laminating with pigments

if i am going to pigment my board what is the ration of pigment to resin? and do i also pigment the sanding resin or only the laminating resin?

Laminating resin only. Coloring hot-coat resin will lead to irregular colored spots when sanding. I think that the correct ratio is no more than 10% pigment in resin.

Im no pro but I add a bit at a time and check the stir stick to see if its got enough tint or pigment

it depends on the pigments/tints you are using, and how deep you want your tints or how opaque you want your, um, opaques. you can usually load up on pigments but you must bump up your catalyst too or you’ll be waiting till next week to trim laps! you can also put a little bit of your colored resin on a small piece glass over scrape foam to see how your color will turn out before going for it. good luck! oh yeah…stick to coloring the lam resin :wink:

The more pigment you use in the lam, the weaker the layup will be. The pigment bodies disrupt the linking of the polymer chains as the resin sets up.

is there a difference between pigments and tints or do you just put in less pigment to get a more transparent color? and how opaque are pigments will i be able to see a logo if i put it under the lam?

Opaques have more of the pigment bodies, than tints. The challenge is to use enough to get the effect you want, without compromising the strength of the layup too severely. Darker colors, and white, in the layup will weaken it the most. With color layups, the laminates are sometimes put on top with clear lam resin prior to hotcoat. Sometimes with a 4 oz patch before hotcoat. Yellow tint is the least ‘‘offensive.’’ You just don’t need much to get good color. The best effect I’ve gotten was when I mixed the color, resin and catalyst, and ran it through a paint strainer before application. Makes the color more uniform, no streaks, or darker spots.

bills advice is spot on to the leter

thats one hundred years of advice between the two of us haa


While Bill may be correct to a degree, there isn’t anything to worry about. Obiwon is arguably the best color guy this coast has ever seen, and has a durability record to back it up. I go way out of my way to get his laminations, as do the Tudors , Channin and many more. Shops are practically fighting over him to get him in their doors. Also remember colored floors not being any easier to break up than clear ones…

hoppa bros.

you wont be missled by obiwon trust me he knows what hes talking about.

i know in your situation you are making a color you want so remember whats in the bucket might not be the color on the board. your best inducater is the color left behind on the strainer or the small amount of resin on the stir stick when you take it out of the bucket.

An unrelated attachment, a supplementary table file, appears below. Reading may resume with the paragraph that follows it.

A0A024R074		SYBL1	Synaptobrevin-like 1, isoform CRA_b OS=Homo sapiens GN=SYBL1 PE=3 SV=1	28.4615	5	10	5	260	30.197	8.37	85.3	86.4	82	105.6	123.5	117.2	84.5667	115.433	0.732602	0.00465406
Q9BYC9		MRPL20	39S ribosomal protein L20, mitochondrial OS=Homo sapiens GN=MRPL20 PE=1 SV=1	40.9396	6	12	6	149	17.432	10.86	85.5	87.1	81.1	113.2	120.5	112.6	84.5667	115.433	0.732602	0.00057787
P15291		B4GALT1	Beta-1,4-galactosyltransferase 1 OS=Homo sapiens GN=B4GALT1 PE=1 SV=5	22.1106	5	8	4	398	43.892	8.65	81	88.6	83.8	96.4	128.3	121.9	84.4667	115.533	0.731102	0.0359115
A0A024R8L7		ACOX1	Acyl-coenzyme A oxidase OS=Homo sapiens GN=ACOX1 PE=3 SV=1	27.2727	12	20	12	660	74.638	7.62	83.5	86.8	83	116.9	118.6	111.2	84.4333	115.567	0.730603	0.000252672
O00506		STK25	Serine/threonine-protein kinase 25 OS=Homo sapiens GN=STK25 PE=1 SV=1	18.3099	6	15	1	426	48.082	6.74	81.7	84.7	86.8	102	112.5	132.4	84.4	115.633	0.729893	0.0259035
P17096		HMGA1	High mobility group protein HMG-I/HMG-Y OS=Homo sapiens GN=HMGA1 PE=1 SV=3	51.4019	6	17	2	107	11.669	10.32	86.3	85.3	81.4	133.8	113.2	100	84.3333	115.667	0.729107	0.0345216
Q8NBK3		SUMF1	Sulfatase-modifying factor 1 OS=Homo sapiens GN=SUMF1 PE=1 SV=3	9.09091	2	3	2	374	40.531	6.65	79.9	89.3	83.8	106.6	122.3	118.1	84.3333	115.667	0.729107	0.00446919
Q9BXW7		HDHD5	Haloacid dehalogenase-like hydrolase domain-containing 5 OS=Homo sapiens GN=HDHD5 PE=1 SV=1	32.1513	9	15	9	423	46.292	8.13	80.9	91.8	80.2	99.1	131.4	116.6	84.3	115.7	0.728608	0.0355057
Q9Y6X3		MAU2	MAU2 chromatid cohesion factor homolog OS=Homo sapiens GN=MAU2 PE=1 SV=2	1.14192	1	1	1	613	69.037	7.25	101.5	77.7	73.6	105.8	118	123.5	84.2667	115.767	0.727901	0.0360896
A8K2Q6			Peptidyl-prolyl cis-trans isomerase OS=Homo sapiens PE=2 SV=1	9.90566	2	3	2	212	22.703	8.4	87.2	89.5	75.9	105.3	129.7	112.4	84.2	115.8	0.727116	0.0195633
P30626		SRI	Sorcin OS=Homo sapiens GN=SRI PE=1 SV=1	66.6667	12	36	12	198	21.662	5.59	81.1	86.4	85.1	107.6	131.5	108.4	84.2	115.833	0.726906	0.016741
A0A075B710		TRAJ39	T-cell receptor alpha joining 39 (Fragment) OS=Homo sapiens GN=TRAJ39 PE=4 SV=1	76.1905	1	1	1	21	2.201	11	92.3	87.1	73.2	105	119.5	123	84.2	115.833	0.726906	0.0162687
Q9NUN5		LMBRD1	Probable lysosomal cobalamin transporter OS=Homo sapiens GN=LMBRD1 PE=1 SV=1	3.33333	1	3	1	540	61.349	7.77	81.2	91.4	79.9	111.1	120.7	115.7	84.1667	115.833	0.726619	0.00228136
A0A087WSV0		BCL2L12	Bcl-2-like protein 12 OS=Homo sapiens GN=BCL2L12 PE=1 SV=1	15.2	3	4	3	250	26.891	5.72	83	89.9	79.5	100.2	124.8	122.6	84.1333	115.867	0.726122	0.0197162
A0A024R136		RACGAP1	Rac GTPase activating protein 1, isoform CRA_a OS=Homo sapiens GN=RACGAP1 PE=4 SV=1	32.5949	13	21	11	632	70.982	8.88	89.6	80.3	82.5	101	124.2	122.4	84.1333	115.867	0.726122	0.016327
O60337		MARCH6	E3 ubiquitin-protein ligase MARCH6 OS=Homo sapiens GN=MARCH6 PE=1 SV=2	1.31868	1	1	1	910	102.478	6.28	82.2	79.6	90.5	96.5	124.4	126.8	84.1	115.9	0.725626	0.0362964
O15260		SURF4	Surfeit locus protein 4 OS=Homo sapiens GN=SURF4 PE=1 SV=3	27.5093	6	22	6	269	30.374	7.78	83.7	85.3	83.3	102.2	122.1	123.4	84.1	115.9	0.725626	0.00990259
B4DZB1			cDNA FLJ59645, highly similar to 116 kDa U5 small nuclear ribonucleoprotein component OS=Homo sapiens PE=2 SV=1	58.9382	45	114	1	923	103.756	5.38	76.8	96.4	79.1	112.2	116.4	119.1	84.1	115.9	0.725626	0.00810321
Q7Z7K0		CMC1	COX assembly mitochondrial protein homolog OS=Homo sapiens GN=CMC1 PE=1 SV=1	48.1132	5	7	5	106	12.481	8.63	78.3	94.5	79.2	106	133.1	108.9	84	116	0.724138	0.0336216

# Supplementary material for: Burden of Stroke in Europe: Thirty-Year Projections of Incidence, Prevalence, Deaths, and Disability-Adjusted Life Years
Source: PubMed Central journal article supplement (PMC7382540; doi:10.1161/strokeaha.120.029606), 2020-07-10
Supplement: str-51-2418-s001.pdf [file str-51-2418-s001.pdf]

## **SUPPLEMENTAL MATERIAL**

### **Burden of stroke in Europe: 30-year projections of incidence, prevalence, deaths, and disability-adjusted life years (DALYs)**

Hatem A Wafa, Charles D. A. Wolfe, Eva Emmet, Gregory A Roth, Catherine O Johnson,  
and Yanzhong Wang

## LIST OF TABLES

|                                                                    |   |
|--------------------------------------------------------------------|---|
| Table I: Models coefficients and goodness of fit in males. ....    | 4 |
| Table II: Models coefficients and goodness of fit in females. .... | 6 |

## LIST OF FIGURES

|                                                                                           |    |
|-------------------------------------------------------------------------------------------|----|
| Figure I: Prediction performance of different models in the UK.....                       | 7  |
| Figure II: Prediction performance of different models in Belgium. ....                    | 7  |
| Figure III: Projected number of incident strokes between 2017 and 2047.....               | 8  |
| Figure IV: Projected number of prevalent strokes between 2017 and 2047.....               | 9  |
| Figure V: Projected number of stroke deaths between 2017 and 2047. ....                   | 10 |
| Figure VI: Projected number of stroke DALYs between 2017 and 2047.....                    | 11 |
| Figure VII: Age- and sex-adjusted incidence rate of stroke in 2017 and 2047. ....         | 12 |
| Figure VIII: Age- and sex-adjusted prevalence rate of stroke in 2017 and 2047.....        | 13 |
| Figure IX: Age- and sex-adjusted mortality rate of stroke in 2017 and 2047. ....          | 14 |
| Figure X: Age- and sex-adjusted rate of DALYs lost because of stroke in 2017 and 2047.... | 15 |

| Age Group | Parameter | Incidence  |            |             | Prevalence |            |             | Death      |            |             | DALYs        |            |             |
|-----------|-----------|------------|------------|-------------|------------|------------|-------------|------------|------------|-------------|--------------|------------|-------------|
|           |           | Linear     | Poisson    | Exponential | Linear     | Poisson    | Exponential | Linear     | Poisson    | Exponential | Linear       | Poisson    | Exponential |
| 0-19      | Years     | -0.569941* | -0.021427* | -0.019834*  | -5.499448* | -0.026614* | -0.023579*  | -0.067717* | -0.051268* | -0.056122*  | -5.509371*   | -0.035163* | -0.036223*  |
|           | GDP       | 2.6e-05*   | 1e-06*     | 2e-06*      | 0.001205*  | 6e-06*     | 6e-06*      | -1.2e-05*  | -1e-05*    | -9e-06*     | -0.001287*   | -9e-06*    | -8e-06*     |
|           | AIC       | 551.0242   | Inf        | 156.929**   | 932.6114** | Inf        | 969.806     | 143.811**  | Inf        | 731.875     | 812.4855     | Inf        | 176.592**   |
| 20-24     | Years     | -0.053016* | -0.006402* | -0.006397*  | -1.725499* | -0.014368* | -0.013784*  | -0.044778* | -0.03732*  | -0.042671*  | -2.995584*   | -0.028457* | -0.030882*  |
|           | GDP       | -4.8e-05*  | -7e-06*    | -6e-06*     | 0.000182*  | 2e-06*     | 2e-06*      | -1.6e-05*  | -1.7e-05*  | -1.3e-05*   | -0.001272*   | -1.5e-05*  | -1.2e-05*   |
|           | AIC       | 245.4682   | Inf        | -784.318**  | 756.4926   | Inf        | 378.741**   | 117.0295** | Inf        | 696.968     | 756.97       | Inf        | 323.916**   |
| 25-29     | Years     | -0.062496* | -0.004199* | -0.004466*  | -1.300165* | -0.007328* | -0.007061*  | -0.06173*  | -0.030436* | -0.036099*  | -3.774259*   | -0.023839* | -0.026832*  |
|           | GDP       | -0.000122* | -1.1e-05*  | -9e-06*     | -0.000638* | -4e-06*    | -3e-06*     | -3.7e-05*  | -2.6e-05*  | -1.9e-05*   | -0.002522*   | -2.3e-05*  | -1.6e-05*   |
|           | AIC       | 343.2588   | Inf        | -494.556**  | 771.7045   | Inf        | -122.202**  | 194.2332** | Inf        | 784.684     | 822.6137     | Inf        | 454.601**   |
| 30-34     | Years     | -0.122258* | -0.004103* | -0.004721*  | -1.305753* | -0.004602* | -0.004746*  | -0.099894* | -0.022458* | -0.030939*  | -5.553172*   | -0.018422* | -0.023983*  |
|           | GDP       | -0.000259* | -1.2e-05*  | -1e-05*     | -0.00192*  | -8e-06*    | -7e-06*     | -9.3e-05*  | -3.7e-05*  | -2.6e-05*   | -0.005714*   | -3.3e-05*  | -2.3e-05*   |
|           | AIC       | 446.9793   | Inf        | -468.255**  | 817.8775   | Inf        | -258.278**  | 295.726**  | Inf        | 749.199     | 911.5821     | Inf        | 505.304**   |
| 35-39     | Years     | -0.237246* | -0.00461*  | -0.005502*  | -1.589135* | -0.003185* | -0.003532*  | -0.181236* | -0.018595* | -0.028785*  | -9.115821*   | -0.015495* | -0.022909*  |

is there a difference between pigments and tints or do you just put in less pigment to get a more transparent color? and how opaque are pigments will i be able to see a logo if i put it under the lam?

Opaques get lams put on after in most cases. Tints as well I believe.

i am sorry but bills point of straining the colour

was a very important point

your man failed to mention that

& i was not having a go at him

what he said was also correct but he missed the point

about the strainer


your absolutely right Huie, totally forgot to tell him about strainers! i wont work without em.

goodluck on your board hoppa, what color are you doing it?


 you guys dont need to say much the pics tell it all 

more pics


im not totally positive yet but i was thinkin either a dark purple or dark green, but i was just doing some research before i messed up beyond fixing.

dark color will show EVERY imperfection in your blank. make sure there are no deep scratches before glassing.

Howzit Hoppabros, Soulstice is right about tints showing imperfections but tints also have a tendency to fade too some times a very ugly color, especially the newer tints on the market these days. Add a little bit of white pigment to your tint which can help prevent the fading. Sun light is a tints worst enemy.Aloha,Kokua

sounds good hoppabro…dont do too much research or you’ll never glass your board, just go for it! the path to a good color layup is thru a few shitty ones. save a little of your color for fixing stuff like, bubbles, and drainage. any more questions???

thanks for all of the information hopefully it turns out well.

when i strain the pigment do i have to strain it after or before i put it into the resin? and if its after i put it in the resin how do i preserve my strainer from getting ruined?